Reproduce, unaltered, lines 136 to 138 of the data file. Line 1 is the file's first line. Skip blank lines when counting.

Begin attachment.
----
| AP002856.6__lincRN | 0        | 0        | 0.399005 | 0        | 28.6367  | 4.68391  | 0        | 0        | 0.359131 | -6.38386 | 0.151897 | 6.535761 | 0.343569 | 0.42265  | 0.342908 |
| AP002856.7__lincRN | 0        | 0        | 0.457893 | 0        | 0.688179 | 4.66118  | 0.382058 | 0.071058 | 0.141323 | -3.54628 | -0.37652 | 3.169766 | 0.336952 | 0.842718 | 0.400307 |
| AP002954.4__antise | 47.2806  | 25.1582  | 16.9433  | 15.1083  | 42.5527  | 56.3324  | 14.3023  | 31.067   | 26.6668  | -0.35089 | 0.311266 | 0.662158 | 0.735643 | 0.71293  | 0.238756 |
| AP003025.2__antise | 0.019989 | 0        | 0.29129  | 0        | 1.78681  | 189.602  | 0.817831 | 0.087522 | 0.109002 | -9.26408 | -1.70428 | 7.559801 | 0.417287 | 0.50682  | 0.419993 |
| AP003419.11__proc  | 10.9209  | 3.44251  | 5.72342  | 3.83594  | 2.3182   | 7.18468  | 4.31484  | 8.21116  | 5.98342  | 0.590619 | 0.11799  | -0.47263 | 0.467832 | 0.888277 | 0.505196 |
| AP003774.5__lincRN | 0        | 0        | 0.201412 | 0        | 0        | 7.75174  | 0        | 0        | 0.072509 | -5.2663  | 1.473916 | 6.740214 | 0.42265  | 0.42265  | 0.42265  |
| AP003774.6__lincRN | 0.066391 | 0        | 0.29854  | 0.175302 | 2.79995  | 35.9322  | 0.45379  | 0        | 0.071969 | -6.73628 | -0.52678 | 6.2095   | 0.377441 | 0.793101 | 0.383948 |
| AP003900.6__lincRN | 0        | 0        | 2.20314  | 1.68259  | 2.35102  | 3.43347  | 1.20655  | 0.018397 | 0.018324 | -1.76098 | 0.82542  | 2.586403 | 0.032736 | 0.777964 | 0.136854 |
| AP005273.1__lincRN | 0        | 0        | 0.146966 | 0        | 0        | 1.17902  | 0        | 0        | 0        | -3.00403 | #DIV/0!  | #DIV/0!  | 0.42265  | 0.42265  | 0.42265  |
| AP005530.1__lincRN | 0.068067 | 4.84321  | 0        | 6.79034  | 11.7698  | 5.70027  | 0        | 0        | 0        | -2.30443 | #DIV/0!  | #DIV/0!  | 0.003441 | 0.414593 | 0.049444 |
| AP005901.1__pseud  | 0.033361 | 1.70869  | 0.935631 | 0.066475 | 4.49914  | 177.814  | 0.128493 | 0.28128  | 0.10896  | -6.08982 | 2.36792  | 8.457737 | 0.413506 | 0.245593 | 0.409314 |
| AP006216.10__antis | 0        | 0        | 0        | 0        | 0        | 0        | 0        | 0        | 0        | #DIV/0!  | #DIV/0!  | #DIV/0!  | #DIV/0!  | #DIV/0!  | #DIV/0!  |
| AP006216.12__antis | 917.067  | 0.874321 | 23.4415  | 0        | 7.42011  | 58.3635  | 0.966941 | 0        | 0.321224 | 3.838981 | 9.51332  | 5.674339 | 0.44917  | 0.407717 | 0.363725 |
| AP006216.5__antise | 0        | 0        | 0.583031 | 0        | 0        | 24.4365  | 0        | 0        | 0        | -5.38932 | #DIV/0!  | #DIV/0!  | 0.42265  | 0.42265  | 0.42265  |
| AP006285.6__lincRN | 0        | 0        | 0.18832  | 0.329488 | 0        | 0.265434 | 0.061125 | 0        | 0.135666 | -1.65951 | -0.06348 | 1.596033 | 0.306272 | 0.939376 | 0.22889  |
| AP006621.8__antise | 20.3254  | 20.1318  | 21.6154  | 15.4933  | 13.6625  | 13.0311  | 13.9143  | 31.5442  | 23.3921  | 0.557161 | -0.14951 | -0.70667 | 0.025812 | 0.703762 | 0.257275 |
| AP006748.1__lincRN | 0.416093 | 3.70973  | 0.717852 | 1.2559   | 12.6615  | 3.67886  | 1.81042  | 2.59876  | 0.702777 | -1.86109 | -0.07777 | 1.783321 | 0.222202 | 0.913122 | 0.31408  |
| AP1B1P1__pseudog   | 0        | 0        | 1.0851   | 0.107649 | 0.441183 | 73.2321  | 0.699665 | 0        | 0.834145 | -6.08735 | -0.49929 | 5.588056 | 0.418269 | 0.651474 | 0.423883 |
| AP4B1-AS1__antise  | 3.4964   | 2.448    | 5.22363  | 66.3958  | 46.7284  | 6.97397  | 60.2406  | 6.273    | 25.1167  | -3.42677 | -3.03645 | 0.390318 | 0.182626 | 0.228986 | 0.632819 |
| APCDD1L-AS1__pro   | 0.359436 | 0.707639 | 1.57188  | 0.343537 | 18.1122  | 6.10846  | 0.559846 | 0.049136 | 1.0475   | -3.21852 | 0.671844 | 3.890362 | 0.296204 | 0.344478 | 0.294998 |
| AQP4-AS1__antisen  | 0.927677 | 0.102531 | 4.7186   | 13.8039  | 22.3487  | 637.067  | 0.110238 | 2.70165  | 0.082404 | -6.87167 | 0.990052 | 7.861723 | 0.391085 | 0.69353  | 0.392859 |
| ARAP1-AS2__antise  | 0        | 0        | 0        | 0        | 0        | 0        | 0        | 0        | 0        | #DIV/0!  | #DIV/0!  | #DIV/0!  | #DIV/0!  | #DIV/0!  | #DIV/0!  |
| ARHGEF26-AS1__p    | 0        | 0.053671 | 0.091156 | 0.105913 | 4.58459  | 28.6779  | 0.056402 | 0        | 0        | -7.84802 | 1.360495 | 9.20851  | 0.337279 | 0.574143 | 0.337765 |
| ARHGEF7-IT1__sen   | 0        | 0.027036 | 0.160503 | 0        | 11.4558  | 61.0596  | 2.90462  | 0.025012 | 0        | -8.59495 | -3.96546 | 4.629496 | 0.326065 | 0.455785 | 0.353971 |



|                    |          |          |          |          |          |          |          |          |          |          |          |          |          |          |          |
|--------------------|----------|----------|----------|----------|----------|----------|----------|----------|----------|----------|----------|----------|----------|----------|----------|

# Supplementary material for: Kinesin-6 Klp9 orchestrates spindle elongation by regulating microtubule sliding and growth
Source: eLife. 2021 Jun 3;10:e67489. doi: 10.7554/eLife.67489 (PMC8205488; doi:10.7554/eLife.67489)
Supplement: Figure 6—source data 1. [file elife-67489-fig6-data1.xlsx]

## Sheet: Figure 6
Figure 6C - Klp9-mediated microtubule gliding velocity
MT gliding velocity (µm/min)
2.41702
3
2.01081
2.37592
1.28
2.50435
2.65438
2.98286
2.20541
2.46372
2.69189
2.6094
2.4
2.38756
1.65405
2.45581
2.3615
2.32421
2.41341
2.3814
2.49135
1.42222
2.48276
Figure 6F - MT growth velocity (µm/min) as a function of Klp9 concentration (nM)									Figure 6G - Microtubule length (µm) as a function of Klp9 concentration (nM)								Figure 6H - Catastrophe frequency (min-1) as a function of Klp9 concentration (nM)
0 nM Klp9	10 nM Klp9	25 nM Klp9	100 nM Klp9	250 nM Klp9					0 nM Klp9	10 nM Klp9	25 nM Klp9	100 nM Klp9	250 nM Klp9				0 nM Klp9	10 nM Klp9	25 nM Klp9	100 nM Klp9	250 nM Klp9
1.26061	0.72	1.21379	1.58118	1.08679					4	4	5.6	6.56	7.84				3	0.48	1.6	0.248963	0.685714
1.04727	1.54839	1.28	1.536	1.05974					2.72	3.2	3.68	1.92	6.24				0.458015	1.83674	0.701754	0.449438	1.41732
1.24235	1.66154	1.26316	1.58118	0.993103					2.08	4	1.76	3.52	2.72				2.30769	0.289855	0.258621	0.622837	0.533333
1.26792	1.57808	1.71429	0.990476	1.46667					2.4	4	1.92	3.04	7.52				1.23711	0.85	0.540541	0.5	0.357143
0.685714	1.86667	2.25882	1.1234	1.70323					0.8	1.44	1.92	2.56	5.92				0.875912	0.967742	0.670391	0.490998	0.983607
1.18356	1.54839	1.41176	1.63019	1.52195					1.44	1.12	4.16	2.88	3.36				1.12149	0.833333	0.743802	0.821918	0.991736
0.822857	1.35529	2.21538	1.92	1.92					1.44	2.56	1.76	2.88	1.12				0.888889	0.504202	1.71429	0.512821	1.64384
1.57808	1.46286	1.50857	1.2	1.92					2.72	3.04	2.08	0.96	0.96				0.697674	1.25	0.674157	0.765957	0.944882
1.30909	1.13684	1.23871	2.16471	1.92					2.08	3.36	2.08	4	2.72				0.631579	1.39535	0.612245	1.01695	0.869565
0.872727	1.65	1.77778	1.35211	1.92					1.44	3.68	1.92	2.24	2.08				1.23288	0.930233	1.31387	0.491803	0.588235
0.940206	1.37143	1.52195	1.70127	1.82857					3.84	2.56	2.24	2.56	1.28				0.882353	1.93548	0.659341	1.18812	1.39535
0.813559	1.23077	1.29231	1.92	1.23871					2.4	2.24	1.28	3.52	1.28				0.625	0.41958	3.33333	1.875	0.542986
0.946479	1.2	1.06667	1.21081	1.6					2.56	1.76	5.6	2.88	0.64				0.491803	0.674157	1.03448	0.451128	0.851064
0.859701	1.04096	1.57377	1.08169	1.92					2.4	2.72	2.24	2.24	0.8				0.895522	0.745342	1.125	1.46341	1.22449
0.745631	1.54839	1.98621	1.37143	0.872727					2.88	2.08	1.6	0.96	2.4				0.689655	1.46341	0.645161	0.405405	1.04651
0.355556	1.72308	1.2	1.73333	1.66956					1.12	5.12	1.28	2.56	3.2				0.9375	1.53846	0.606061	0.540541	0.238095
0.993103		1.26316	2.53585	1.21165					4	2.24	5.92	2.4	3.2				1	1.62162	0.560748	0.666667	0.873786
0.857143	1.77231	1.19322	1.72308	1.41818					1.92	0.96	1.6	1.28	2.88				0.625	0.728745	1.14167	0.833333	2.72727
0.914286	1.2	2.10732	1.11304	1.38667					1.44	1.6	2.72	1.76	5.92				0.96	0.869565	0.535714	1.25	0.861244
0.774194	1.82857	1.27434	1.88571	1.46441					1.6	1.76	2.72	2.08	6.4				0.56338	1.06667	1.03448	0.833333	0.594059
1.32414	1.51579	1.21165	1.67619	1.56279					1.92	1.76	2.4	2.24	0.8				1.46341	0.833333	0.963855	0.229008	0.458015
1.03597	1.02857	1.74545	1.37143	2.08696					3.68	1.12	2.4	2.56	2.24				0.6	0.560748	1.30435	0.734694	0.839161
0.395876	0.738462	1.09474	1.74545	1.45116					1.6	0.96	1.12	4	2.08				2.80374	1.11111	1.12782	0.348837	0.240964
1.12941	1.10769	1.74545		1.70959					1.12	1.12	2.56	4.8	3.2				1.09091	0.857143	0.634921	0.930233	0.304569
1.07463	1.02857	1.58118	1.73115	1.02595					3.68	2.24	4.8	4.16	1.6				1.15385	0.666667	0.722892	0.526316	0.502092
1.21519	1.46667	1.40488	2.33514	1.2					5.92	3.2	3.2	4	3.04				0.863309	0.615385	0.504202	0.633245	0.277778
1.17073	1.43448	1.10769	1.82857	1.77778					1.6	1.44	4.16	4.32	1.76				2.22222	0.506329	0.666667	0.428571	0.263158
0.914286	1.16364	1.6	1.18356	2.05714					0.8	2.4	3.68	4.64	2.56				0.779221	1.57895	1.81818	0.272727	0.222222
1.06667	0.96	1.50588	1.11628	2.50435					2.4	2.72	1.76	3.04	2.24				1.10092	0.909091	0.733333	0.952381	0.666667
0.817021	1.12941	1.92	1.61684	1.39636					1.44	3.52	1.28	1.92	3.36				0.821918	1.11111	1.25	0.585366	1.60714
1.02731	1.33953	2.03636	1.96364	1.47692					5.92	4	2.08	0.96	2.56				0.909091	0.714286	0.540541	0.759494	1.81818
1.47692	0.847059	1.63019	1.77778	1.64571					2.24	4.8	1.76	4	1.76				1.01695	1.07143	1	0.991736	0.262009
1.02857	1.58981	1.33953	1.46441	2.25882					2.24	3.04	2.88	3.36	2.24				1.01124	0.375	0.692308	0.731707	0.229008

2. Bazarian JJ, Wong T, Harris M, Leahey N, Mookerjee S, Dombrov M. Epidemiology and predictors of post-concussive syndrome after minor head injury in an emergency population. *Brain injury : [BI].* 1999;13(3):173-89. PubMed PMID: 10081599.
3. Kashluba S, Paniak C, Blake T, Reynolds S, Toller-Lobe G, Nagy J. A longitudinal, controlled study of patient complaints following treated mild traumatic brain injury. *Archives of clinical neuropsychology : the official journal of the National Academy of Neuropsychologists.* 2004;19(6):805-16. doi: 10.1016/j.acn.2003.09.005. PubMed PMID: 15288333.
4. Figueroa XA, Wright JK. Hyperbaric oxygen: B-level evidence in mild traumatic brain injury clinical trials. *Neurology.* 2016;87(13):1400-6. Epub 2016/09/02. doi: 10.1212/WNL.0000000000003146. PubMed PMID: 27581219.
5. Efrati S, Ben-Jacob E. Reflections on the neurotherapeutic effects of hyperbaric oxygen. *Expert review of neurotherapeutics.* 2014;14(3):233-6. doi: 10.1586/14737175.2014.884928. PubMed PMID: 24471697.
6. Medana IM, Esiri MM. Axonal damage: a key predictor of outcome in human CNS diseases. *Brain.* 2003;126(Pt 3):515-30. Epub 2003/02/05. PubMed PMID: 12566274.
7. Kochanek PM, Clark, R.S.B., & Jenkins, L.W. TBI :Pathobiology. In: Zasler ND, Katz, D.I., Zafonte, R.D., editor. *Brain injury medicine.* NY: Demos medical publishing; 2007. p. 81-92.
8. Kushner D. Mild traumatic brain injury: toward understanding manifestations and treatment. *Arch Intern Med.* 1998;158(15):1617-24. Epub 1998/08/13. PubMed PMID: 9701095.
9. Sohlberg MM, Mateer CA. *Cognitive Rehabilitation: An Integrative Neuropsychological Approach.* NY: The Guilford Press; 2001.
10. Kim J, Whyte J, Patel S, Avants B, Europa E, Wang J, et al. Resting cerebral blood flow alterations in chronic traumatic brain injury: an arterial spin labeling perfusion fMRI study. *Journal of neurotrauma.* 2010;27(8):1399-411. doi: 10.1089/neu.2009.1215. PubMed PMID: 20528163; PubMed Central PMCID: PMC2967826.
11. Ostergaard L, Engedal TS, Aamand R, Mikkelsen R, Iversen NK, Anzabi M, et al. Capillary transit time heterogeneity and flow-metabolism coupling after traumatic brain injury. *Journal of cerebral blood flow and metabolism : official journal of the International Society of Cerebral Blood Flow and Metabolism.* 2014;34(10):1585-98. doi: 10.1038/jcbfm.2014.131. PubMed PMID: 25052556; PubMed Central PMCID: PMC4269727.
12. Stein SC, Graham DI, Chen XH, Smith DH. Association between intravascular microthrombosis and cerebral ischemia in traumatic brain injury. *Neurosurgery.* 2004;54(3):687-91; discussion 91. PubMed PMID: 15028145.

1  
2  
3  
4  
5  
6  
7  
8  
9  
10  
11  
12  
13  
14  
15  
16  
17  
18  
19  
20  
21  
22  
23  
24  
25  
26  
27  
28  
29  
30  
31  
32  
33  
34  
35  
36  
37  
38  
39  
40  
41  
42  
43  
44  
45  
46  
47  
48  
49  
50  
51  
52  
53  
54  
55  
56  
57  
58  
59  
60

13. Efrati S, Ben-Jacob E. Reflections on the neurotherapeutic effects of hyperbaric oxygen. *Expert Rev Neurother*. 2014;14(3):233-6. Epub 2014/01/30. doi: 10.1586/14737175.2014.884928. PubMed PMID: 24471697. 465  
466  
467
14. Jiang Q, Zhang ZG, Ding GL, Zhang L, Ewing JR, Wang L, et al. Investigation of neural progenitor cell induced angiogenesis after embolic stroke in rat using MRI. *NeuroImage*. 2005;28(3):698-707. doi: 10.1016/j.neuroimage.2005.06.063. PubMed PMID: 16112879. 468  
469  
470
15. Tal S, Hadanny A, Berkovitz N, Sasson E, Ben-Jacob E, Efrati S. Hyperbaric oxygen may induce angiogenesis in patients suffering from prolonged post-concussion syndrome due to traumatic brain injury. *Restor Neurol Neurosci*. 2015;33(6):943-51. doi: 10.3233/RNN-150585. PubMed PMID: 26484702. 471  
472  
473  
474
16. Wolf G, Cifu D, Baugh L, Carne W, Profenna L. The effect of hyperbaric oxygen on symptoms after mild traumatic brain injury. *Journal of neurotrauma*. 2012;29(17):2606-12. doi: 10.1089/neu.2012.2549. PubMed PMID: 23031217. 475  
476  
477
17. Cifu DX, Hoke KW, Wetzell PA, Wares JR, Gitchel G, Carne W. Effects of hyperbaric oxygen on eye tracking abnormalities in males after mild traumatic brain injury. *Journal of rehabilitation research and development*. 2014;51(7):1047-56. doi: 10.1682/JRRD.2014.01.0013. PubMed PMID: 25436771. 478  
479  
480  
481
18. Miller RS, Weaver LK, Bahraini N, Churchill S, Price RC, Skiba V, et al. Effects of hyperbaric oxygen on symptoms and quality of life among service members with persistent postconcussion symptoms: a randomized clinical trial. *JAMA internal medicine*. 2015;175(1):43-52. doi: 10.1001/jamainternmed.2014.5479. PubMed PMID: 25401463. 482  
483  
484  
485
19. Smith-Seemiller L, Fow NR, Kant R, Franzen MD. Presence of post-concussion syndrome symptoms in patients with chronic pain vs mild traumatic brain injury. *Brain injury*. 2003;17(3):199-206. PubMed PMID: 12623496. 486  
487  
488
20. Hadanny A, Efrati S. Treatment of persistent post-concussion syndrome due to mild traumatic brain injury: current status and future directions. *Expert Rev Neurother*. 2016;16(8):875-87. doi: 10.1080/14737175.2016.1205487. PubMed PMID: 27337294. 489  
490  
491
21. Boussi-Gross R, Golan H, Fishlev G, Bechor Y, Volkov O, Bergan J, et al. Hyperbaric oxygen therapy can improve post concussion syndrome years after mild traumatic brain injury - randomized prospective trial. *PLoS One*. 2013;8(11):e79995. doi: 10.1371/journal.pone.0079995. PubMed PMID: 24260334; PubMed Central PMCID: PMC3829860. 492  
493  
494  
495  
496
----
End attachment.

35  
36  
37  